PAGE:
by MaryAlice Bitts-Jackson
Every year, Dickinson brings a major literary figure to campus to serve a much-anticipated residency, and with just days to go before this year’s Stellfox Award recipient arrives, excitement is running high.
“It’s quite a unique opportunity to get to spend two evenings with a writer like Lorrie Moore,” says English major Katie Jarman ’16, who will attend two small-group events with the celebrated short-story author. “I want to take full advantage of our time with her next week.”
Jarman was among the approximately 40 students and faculty members who attended an Oct. 30 discussion of two of Moore's works ("People Like That are the Only People Here" and "Foes"). Over a pizza lunch, they hashed out their take on two of Moore's best-known stories, gearing up for the big event.
The author of the collections Birds of America and Like Life and the recipient of the Irish Times International Prize for Literature, a Lannan Foundation fellowship, the PEN/Malamud Award and the Rea Award, Moore has published fiction and nonfiction works in The New Yorker, Harperʼs, The New York Review of Books, The New York Times, The Paris Review, The Yale Review and Best American Short Stories. Her most recent novel was a finalist for the PEN/Faulkner Award and the Orange Prize.
English major Kathleen Lyons ’15 attended the Oct. 30 discussion and was rewarded with a copy of one of the author’s books, courtesy of the English department. Seven days before Moore’s arrival on campus, Lyons’ book was already dotted with marginalia.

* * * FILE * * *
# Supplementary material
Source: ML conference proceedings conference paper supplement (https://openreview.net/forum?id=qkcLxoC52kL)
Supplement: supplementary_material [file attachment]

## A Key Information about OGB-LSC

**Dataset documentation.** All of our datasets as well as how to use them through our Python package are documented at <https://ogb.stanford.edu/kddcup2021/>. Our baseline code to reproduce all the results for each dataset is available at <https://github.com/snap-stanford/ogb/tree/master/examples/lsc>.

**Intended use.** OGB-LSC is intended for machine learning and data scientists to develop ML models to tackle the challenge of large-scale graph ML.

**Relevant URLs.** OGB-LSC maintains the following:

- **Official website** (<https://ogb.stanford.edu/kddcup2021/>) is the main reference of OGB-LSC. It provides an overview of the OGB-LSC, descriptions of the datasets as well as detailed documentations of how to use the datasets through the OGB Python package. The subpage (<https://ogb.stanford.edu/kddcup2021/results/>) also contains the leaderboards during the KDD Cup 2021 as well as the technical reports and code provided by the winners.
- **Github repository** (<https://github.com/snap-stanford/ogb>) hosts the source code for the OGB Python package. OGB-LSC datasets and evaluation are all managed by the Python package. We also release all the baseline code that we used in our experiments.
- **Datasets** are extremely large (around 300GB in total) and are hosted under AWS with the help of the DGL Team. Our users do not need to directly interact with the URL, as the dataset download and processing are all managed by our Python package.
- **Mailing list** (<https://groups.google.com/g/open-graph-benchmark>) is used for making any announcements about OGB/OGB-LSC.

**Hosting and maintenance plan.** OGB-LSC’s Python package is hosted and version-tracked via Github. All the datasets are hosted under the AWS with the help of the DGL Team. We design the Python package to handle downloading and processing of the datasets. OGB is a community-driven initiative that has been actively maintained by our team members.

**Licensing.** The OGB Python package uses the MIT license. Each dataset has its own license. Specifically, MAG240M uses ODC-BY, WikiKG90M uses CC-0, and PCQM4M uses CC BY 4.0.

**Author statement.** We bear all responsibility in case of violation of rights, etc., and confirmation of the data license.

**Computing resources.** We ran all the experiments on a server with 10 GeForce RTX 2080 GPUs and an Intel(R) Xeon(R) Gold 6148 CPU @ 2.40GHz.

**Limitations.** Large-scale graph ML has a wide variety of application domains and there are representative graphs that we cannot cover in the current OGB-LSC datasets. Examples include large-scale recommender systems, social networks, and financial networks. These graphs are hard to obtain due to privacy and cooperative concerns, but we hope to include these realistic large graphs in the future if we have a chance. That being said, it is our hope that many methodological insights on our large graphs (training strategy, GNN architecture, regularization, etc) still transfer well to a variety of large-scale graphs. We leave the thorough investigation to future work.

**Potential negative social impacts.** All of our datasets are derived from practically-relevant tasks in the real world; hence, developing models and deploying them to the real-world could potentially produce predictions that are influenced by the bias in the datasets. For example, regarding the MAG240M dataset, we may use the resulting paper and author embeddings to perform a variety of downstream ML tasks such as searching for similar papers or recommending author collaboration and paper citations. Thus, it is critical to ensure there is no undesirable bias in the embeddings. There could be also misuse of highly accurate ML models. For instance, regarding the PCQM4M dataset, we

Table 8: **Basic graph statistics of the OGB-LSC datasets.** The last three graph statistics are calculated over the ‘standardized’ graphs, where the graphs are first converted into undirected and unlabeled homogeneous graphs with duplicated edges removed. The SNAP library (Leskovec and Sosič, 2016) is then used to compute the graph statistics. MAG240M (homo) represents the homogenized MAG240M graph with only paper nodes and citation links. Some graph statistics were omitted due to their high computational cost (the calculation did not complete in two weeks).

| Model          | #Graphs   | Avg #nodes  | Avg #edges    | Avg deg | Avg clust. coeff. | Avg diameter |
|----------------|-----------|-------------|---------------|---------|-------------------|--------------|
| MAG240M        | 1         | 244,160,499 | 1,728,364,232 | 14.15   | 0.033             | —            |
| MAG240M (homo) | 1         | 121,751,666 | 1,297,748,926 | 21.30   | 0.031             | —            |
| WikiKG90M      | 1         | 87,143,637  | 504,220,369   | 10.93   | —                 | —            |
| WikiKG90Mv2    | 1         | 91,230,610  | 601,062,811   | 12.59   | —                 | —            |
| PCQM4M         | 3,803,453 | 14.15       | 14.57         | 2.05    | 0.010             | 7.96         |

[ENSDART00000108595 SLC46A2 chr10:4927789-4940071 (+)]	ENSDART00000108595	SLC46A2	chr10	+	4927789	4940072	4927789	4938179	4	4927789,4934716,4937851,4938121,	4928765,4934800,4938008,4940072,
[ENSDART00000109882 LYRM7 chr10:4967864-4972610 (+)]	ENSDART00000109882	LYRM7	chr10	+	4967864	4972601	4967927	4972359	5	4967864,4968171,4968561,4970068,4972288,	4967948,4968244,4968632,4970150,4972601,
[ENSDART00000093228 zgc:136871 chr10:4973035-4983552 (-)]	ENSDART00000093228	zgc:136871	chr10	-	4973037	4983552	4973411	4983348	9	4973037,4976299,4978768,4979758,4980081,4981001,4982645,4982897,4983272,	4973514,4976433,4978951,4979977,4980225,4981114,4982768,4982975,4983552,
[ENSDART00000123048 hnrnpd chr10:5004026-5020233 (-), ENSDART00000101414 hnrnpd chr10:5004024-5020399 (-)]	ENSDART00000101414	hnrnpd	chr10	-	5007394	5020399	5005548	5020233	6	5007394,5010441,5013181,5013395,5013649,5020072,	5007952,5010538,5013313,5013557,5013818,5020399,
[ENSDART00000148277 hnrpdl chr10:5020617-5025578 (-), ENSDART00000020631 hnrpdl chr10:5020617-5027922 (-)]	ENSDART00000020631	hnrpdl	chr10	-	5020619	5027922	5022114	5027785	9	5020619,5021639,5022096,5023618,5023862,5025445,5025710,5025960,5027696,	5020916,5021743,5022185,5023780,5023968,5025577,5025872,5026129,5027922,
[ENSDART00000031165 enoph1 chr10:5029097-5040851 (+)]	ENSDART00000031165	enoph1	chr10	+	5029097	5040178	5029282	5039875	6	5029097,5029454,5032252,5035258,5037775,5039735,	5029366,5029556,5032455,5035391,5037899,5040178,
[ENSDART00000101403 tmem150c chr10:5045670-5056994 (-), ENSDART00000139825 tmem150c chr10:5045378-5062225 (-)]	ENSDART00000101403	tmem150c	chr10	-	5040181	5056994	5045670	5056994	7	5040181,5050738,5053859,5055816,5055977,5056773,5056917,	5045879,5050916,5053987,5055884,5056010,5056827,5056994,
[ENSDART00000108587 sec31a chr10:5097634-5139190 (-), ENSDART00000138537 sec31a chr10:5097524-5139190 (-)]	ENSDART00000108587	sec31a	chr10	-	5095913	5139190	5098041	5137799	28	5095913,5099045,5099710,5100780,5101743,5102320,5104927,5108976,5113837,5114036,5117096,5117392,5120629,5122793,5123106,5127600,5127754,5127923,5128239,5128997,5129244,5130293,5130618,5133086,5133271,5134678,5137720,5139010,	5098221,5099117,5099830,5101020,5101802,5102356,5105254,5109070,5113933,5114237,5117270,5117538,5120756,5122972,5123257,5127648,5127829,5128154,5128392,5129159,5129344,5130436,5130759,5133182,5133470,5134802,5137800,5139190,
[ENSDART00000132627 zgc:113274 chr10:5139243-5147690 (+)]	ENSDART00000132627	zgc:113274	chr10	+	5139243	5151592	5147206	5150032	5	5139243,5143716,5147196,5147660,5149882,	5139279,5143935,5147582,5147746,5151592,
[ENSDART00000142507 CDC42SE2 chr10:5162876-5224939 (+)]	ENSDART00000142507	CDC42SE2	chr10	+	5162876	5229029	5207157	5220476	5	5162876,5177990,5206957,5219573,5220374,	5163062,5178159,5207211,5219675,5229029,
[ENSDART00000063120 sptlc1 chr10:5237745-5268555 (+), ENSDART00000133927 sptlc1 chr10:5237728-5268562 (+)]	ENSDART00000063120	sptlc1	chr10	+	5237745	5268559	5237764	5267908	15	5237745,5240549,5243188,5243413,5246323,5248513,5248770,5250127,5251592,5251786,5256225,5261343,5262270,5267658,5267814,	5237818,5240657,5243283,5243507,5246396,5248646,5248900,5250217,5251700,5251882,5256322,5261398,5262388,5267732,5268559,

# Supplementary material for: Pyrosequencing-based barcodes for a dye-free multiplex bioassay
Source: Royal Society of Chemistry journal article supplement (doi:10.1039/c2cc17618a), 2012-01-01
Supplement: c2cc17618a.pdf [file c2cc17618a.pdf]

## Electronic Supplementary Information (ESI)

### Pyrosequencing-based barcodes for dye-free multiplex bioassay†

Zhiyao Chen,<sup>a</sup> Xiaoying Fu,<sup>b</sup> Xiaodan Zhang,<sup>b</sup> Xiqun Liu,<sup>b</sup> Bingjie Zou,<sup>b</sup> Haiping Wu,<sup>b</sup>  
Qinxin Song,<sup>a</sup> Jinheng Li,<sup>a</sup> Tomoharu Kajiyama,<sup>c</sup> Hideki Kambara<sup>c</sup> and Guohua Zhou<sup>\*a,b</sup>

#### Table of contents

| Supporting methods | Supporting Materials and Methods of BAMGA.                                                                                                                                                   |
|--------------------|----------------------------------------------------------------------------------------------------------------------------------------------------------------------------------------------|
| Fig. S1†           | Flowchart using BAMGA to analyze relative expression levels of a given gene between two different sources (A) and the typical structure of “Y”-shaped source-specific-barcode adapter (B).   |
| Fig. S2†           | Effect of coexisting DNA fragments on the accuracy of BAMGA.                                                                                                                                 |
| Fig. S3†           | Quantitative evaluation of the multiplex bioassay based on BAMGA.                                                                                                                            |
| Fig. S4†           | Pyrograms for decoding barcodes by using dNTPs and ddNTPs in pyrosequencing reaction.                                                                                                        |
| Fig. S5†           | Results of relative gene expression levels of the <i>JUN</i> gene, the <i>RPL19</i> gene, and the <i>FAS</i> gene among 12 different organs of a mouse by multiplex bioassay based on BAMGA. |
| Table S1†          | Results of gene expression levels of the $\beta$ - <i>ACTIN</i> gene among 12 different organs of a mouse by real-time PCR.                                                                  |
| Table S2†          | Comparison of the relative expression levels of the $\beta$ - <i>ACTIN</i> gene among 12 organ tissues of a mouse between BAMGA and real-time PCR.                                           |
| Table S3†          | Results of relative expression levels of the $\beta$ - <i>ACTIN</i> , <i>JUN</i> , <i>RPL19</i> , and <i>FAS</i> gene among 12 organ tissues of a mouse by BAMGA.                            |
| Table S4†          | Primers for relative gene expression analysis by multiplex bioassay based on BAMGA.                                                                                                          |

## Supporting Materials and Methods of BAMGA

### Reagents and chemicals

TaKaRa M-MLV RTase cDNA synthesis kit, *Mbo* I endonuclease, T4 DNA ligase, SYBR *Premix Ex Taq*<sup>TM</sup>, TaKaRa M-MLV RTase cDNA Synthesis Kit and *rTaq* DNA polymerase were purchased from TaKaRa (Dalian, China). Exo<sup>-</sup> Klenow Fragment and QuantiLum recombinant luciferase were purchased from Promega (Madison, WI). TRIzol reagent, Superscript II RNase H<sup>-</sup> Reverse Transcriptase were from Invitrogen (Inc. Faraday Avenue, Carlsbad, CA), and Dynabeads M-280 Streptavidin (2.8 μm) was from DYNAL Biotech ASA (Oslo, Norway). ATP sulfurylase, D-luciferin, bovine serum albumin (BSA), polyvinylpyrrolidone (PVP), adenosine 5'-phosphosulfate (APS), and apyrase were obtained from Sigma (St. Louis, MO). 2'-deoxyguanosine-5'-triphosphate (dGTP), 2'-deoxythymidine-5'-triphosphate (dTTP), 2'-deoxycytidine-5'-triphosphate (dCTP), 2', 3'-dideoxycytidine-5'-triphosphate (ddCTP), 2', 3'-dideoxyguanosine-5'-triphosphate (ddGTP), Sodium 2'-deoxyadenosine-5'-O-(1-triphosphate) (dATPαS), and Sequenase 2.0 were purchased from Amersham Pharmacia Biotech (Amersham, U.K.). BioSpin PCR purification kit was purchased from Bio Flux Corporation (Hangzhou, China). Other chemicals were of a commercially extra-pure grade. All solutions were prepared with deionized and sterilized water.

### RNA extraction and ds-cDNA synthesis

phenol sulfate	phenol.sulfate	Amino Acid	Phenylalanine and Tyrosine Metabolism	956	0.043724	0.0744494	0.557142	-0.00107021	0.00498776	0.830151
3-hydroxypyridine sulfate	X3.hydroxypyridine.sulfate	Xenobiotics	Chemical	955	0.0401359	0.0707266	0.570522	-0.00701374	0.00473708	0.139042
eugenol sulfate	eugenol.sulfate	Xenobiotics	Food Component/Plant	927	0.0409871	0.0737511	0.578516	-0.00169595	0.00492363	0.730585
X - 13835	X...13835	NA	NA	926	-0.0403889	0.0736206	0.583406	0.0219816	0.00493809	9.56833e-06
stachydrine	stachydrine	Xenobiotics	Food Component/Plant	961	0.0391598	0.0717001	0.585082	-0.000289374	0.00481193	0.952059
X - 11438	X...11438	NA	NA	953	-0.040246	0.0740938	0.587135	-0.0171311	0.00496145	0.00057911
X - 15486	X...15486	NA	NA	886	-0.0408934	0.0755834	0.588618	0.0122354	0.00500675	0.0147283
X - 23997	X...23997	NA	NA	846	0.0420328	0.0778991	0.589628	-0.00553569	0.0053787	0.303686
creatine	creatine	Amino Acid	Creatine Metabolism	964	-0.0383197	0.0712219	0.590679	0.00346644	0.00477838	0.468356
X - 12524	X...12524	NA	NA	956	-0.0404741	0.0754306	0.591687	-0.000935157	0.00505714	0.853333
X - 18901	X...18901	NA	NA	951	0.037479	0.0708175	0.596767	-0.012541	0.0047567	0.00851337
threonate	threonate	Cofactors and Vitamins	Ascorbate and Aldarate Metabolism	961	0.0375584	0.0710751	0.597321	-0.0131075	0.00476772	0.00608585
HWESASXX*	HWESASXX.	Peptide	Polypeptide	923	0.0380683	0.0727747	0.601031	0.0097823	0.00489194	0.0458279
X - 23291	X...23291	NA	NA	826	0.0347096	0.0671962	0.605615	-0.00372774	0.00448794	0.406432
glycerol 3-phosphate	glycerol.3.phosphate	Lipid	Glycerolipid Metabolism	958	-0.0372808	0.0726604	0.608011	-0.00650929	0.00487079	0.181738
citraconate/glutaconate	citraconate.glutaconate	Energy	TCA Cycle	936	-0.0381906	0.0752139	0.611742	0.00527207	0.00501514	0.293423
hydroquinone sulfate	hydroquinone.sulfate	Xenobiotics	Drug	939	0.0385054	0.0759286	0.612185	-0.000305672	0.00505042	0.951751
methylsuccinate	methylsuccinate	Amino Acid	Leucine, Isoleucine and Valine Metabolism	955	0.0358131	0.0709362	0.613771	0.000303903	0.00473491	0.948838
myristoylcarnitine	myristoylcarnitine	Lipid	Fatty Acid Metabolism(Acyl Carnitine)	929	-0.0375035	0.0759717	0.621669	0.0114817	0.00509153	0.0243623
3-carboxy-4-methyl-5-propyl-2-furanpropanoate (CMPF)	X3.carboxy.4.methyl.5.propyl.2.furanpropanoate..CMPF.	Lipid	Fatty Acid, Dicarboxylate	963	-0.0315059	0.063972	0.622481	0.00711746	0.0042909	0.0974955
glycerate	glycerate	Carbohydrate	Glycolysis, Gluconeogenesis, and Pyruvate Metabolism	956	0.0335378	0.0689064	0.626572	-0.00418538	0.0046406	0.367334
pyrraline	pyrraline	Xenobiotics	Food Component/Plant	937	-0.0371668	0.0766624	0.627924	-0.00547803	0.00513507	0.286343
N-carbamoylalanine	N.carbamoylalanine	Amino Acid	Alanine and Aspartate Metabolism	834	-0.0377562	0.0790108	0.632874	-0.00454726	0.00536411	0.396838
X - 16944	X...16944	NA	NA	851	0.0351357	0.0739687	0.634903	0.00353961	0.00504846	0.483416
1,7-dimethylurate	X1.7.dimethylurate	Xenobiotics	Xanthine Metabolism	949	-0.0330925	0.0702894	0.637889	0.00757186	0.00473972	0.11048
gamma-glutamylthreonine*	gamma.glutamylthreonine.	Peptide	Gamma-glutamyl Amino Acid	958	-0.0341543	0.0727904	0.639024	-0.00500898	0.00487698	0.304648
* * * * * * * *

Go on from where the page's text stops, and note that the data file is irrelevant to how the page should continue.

“I love [Moore’s] sarcasm and wit, and I’m really interested to see if that’s how she [comes across] in person,” she said, voicing a natural curiosity about the writer’s life and personality that many echoed.
“The writing is brutal, but it’s honest and realistic, and I like that,” added Helena Gaubiz, an overseas assistant from Germany. “She puts down on paper what people think, but don’t admit to thinking. It’s brave and true.”
Elizabeth Hardison ’16, an English major who writes for The Dickinsonian as well as the Carlisle, Pa., newspaper, The Sentinel, stresses that events like these “are a great way for the campus to come together around one writer and take time out of our hectic schedules to appreciate literature.” But for the aspiring writers in the room, she added, it also meant much more. “We’re always looking for ways to develop as critics and writers, and working with established writers is the best way to put our skills into action,” she explained.
Discussing Moore’s award-winning story about a critically ill infant—as told, with Moore's signature humor and bite—Madonna Enwe ’16, an undeclared student with an interest in creative writing, said she was intrigued by the level of detail Moore achieved. “It’s really interesting to read a story that tells about this kind of experience from a patient’s perspective, especially since I plan to go into medicine,” she said. “I can’t wait to ask her how she gets her ideas, and why she chooses to write short stories.”
Noah Fusco ’18, another English major, felt much the same. “The chance to talk with a famous fiction writer also gives us the chance to see what it’s actually like to be in that profession,” he added, likening the experience of learning about a writer’s processes to that of delving deep into a character’s psyche. “When we look into her [experiences and motivations] we can pull from them, like we would from her text, and apply what we learn about her career and work to our own lives.”
As part of her residency, Moore will deliver a reading at 7:30 p.m. in the Anita Tuvin Schlechter Auditorium, Thursday, Nov. 6, with a book-signing immediately following. In addition to meeting with students during her visit, she will also take more questions during an open question & answer session in Memorial Hall, 4:30 to 5:30 p.m., Friday, Nov. 7.
Published November 3, 2014